What To Know About B.O.
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When it comes to being protected from odors most foul, we truly live in a privileged era. However, the pendulum has swung too far in the other direction to the point now that we freak out at even the idea of a natural human smells. Many of our products, and this includes those for both grooming and household cleansing, are so heavily fragranced that they are bad for our skin, our respiration, our reproductive tracts (courtesy of vaginal deodorants and flavored douches, both to which I am vehemently opposed) and the environment.
To mask overpowering body odor, perfume manufacturing was first introduced on a wide scale in a 16thcentury France where even physicians were convinced that bathing was harmful to the health. (One major strike against Marie Antoinette was that she bathed every day, something that the citizenry regarded as disgusting.Off with her head!)Deodorant didn’t arrive on the scene until 1888 and antiperspirant didn’t make its debut until 1903. Even still, it took at least a generation or two before your average Josephine regarded fumigating her underarms as a necessary part of hertoilette. And indoor plumbing as a standard feature in the Western home is less than 100 years old; indeed, many houses in the UK, for example, still used chamber pots and outhouses well into the 1970s. To set the facts straight:
Body odor comes from two sources:
- Site specific like the underarms, groin and feet. These contain the greatest concentration ofapocrineglands that produce odor with the help of skin bacteria. In contrast,eccrinesweat glands are distributed all over the body; the perspiration they secrete is odorless and mostly water and functions primarily to cool the body.
- Skin in general. Most odor is produced by the apocrine sweat glands, but certain substances like garlic and some medications are excreted through the eccrine glands.
So this week, I’m going with a Q & A format of the most commonly asked questions we hear about body odor:
Q: Why do we dislike body odor in others so much?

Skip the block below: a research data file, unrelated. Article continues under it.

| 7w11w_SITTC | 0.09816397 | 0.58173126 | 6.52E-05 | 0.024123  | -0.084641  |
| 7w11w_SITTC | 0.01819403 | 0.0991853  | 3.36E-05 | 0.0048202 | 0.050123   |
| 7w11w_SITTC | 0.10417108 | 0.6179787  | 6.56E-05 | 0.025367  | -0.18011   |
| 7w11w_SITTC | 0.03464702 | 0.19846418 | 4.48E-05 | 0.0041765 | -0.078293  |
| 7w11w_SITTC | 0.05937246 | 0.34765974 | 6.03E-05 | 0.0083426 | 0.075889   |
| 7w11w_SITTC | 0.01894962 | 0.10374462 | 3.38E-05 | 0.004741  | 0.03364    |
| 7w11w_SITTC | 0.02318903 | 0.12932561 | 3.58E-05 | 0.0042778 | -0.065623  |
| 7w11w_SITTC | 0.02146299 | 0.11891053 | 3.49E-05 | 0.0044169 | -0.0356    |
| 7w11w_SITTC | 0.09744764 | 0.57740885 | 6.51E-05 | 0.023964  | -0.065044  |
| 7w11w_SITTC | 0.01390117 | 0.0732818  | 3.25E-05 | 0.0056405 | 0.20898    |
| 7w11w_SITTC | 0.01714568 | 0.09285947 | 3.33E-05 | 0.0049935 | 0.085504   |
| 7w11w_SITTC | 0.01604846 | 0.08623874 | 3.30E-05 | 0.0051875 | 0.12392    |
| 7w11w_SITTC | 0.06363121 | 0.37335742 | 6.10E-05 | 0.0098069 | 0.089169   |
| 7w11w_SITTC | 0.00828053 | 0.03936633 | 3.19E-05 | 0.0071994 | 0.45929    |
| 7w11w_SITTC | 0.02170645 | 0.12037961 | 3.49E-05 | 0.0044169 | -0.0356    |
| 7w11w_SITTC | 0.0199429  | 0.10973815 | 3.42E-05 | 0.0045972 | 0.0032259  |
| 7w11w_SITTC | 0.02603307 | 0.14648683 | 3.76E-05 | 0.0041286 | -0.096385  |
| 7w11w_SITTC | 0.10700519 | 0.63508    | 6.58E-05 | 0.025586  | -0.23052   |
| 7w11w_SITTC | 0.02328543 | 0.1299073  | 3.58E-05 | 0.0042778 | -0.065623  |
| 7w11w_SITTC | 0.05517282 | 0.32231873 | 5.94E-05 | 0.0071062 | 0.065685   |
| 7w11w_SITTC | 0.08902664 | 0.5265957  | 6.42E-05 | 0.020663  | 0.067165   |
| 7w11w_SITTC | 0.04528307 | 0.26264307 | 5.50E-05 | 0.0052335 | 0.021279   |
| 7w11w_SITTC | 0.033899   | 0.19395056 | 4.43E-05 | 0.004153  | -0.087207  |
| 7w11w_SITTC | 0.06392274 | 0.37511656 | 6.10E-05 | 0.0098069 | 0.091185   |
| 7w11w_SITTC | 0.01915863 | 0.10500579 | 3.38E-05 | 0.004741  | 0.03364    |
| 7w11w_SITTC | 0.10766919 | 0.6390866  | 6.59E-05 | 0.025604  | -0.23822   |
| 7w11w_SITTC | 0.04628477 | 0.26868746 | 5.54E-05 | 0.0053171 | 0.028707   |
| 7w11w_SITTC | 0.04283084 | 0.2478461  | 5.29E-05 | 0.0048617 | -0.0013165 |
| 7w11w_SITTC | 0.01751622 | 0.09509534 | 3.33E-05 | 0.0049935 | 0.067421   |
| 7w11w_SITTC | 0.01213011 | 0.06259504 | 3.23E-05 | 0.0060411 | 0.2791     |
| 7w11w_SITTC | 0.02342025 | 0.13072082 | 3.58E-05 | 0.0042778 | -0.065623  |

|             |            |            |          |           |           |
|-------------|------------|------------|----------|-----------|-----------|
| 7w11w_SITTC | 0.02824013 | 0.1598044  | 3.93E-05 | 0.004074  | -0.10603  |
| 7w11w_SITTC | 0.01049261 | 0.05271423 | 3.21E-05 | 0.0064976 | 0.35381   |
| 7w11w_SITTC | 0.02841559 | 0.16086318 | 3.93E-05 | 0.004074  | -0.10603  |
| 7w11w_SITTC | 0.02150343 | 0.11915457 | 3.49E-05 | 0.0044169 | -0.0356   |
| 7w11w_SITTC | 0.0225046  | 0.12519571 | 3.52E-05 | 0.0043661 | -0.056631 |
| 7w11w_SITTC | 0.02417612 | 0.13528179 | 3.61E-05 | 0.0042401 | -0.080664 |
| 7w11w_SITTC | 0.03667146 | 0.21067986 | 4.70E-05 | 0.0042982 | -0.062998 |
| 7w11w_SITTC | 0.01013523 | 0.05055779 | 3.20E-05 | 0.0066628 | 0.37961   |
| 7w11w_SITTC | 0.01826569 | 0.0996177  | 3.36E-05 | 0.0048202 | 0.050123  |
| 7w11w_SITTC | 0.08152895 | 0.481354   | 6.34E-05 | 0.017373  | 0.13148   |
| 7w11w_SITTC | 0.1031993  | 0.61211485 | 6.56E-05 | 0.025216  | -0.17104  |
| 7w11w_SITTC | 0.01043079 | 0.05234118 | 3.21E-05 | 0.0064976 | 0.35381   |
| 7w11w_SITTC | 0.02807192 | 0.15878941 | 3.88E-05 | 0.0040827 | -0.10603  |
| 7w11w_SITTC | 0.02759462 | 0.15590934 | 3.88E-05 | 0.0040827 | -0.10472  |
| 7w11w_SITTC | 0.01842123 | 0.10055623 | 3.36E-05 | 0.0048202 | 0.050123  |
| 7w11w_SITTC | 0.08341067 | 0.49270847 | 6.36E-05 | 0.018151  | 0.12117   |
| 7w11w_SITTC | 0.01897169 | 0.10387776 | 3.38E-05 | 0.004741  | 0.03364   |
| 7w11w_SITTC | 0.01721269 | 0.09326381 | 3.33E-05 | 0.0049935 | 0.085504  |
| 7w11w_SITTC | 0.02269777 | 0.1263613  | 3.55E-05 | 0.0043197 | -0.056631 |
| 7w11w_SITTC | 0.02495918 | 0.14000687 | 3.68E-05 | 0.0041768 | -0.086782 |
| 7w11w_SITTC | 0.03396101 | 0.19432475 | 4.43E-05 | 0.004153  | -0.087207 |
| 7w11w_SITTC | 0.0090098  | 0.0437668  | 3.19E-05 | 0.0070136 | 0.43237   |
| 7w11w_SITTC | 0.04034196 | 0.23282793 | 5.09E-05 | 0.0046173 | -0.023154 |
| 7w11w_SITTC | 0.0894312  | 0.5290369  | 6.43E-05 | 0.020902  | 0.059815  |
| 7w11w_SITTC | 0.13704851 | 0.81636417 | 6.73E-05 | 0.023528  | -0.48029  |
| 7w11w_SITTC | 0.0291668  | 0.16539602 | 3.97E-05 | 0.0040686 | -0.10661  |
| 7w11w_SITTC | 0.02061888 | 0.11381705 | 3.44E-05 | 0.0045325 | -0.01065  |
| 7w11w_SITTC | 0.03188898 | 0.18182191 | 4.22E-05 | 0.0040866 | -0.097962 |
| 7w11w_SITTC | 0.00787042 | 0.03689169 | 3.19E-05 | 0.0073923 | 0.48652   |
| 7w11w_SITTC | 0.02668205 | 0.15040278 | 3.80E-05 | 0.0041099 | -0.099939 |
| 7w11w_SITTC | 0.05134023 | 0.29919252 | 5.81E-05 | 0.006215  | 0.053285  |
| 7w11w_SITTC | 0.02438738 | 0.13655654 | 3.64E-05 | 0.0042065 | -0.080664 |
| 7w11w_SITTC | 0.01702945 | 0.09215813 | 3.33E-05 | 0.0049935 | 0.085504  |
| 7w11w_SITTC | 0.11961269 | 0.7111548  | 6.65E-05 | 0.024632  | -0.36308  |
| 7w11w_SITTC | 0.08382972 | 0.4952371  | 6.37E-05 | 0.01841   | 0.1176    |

A: Mainly, it’s cultural and serves as a reminder that we are, indeed, animals. The exceptions to our odor objection come from those to whom we are sexually attracted and (post diaper-change) babies.
Q: Why is that?
A: Instinctively, our species’ survival depends on us – as it does for every other living creature from amoebae to elephants – making babies. But since bearing and raising offspring is laborious, painful and draining, nature provides some powerful propaganda in the form of sexual attraction on the one hand to conceive offspring and strong parental bonds on the other to rear it. Thus, whatever olfactory offenses an infant commits when delivering up a fully loaded diaper, one subsequent whiff off the top of the baby’s head and all is forgiven.
Q: Is it true you start smelling worse as you get older?
A: This one strikes terror into the hearts of nearly everyone who is image-aware. The chemical composition of perspirationdoeschange with age and it’s mainly due to signaling that reproduction is no longer an option. However, studies show that the odor is not necessarily displeasing but just different. Much of what we attribute to ‘old person’s smell’ has to do with inconsistent hygiene, especially oral hygiene and our diminishing capacity to detect smells on ourselves (which we normally don’t smell anyway because of olfactory overload), our clothing, our pets and our environment. Fear not, daily bathing, deodorant and cleanliness around the house take care of it. And should you worry that your living space smells rank but you’re not sure, hire your 10-year-old nephew as a ‘nose’ to tour your premises and report anything dodgy.
Q: Is odor bad for your health?
A: Actually no. If you frequently washed your hands (whichisa health issue) and had tidy toilet habits but only bathed once a month, you’d be fine. You’d probably have no friends left, of course, but your health wouldn’t really suffer. The exception is the odor in the mouth. A lack of oral hygiene is directly linked to heart problems and other systemic breakdowns. So look at bad breath as a blessing in disguise as a reminder to brush and floss your teeth thoroughly. And make it twice a day, please. Also remember to drink 24 ounces at minimum to aid digestion and rinse your mouth.
Q: I love garlic. What should I do?
A: Fall in love with – or at least hang out with – someone else who also loves garlic and neither of you will be the wiser. Your comingling garlic fumes will cancel each other out and everybody is happy.
Odor happens but it doesn’t have to assault your nose.
Follow me on Twitter @DrAvaMD and friend me on Facebook Dr Ava Shamban
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